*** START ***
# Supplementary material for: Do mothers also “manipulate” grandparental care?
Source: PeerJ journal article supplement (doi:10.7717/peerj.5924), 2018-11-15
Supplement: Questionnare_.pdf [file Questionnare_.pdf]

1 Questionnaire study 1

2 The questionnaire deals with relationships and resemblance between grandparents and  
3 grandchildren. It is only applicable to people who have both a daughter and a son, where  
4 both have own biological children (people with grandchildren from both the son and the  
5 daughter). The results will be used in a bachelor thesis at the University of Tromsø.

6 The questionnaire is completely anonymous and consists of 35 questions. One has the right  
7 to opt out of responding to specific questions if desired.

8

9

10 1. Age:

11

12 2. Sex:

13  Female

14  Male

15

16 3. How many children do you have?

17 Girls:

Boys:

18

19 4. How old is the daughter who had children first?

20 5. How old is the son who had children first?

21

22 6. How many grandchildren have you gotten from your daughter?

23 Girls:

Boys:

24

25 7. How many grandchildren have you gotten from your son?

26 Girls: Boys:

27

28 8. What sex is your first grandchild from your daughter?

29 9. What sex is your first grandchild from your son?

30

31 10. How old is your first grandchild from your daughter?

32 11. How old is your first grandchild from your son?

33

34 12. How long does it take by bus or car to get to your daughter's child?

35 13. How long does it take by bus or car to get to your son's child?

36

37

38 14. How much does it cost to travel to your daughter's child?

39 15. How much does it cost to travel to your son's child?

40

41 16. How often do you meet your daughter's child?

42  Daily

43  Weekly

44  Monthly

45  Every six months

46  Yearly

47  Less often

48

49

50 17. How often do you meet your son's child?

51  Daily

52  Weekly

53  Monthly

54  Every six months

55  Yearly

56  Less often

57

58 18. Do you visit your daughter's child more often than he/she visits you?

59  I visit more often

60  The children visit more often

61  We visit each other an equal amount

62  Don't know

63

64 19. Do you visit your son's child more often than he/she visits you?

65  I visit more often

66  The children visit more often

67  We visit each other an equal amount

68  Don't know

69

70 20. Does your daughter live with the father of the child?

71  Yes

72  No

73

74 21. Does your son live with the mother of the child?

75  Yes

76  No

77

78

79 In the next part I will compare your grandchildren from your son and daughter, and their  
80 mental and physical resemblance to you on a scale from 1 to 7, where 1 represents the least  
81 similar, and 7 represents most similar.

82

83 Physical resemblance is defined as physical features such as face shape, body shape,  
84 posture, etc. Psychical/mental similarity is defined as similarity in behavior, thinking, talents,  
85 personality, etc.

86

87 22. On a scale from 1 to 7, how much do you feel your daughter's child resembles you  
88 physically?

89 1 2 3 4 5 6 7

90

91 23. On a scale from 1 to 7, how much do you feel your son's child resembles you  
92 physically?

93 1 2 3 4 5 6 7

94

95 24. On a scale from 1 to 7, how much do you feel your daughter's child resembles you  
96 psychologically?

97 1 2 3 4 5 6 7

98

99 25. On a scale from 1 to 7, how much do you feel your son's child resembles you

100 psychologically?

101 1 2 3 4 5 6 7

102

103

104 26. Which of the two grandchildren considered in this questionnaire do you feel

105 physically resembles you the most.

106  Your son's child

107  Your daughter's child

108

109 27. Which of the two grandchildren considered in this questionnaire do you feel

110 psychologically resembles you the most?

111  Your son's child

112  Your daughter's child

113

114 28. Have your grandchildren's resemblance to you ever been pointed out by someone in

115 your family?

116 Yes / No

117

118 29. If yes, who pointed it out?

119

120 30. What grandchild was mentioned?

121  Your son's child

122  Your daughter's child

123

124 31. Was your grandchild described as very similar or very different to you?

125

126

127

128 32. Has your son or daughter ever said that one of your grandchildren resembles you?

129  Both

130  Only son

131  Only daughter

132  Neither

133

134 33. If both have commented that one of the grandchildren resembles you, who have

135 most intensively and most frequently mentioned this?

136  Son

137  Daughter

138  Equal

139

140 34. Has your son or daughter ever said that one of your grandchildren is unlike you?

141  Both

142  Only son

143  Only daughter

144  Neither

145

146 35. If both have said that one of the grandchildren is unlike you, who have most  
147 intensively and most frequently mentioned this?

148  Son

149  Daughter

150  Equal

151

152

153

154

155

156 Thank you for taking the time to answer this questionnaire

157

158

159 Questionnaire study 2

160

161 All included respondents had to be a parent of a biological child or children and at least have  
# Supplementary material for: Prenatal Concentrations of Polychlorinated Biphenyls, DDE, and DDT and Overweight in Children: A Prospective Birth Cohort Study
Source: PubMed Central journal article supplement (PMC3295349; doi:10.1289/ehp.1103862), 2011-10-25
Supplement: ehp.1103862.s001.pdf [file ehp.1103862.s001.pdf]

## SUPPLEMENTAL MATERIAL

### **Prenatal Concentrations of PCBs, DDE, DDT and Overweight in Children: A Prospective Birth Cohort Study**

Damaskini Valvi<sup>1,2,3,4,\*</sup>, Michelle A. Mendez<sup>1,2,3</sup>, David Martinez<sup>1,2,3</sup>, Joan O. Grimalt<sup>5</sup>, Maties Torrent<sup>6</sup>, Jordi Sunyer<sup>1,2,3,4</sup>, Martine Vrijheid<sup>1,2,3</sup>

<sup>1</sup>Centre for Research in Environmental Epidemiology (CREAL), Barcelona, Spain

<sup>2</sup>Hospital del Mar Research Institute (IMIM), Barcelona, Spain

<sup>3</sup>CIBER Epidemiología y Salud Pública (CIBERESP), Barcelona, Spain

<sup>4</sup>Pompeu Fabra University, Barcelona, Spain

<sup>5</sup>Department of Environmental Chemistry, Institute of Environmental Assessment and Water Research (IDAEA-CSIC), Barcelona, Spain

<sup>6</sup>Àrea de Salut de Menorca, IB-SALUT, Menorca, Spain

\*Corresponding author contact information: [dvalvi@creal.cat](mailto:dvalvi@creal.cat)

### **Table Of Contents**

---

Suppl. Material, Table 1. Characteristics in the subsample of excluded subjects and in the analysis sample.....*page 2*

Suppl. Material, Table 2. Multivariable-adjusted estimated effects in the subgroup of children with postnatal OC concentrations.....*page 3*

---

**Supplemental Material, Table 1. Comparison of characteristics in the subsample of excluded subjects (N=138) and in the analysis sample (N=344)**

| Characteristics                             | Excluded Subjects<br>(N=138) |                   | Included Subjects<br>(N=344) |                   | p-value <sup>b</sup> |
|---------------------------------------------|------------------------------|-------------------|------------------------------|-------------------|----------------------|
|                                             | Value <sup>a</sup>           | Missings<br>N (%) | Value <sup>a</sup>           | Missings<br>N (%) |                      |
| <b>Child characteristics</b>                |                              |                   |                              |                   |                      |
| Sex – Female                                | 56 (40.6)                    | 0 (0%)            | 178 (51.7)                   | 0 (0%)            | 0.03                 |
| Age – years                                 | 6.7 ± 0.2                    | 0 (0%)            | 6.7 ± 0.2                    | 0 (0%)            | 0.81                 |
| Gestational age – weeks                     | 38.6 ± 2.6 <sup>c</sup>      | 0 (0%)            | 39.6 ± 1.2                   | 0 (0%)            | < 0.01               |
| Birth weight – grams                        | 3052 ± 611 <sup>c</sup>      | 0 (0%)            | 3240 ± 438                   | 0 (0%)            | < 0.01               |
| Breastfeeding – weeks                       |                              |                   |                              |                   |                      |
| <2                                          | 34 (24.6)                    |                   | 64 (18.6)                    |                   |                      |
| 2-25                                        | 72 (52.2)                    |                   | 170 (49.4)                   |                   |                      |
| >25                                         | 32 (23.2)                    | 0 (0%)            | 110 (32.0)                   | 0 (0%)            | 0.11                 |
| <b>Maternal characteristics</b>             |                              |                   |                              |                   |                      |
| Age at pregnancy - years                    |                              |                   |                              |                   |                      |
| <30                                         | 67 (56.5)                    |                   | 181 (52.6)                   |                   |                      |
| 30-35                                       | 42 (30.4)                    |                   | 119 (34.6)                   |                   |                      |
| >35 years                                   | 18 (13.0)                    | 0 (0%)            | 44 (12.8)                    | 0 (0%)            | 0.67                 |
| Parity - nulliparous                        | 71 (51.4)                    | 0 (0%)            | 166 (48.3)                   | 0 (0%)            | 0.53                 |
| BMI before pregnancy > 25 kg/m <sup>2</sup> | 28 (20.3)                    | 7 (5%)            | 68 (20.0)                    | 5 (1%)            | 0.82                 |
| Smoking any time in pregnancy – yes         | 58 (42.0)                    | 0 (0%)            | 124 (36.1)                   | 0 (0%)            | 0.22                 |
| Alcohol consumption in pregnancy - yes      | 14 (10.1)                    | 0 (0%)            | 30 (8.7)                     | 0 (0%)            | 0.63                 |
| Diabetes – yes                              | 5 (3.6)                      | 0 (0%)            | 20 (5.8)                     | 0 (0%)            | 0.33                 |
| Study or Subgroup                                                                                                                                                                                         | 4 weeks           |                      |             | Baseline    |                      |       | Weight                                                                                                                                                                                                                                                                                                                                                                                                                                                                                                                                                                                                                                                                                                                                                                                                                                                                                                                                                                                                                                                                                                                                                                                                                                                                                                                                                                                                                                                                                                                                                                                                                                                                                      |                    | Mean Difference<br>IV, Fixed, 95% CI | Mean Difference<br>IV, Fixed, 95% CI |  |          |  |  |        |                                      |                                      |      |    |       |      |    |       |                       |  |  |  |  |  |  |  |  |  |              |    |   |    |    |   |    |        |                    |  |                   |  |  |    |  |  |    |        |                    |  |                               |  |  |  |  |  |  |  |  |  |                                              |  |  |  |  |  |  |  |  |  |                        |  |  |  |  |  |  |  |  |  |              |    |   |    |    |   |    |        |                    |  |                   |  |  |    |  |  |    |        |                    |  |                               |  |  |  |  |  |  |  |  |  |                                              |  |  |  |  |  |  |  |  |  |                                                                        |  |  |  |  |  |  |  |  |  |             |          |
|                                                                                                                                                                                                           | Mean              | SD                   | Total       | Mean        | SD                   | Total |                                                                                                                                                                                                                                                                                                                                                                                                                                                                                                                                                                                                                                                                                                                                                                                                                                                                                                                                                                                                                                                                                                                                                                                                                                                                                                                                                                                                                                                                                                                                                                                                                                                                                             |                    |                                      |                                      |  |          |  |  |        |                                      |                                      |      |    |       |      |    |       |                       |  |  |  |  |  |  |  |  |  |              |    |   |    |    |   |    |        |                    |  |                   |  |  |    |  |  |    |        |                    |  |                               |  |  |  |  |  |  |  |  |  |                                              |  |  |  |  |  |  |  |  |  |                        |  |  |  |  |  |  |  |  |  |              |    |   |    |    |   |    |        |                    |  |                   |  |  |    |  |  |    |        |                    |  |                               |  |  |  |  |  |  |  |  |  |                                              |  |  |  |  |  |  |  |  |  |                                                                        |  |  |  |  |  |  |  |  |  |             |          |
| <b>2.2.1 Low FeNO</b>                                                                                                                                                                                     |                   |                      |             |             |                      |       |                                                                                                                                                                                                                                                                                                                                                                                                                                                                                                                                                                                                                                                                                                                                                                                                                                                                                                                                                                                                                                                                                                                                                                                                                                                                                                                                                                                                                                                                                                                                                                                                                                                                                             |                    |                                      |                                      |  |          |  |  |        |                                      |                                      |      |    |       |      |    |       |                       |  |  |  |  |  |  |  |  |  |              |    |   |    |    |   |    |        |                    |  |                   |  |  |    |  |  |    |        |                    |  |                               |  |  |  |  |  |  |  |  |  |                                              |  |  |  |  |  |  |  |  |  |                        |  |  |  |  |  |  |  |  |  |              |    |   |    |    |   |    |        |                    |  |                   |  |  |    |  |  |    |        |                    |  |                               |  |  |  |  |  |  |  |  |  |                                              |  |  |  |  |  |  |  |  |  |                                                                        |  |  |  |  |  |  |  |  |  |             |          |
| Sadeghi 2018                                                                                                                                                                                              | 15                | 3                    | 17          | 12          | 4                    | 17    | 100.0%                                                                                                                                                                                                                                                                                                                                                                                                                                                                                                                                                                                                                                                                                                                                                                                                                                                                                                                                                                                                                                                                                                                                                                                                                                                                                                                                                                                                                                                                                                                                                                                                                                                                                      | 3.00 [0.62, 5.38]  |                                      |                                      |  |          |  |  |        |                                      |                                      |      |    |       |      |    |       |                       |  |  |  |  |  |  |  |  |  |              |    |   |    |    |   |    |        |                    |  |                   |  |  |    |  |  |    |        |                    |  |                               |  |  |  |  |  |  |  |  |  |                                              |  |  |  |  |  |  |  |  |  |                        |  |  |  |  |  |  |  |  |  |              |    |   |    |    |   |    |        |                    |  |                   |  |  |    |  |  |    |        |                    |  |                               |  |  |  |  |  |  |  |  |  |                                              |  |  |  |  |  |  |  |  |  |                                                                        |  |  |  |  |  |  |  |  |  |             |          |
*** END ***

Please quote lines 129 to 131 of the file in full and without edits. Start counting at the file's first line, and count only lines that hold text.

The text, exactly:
124 31. Was your grandchild described as very similar or very different to you?

125

126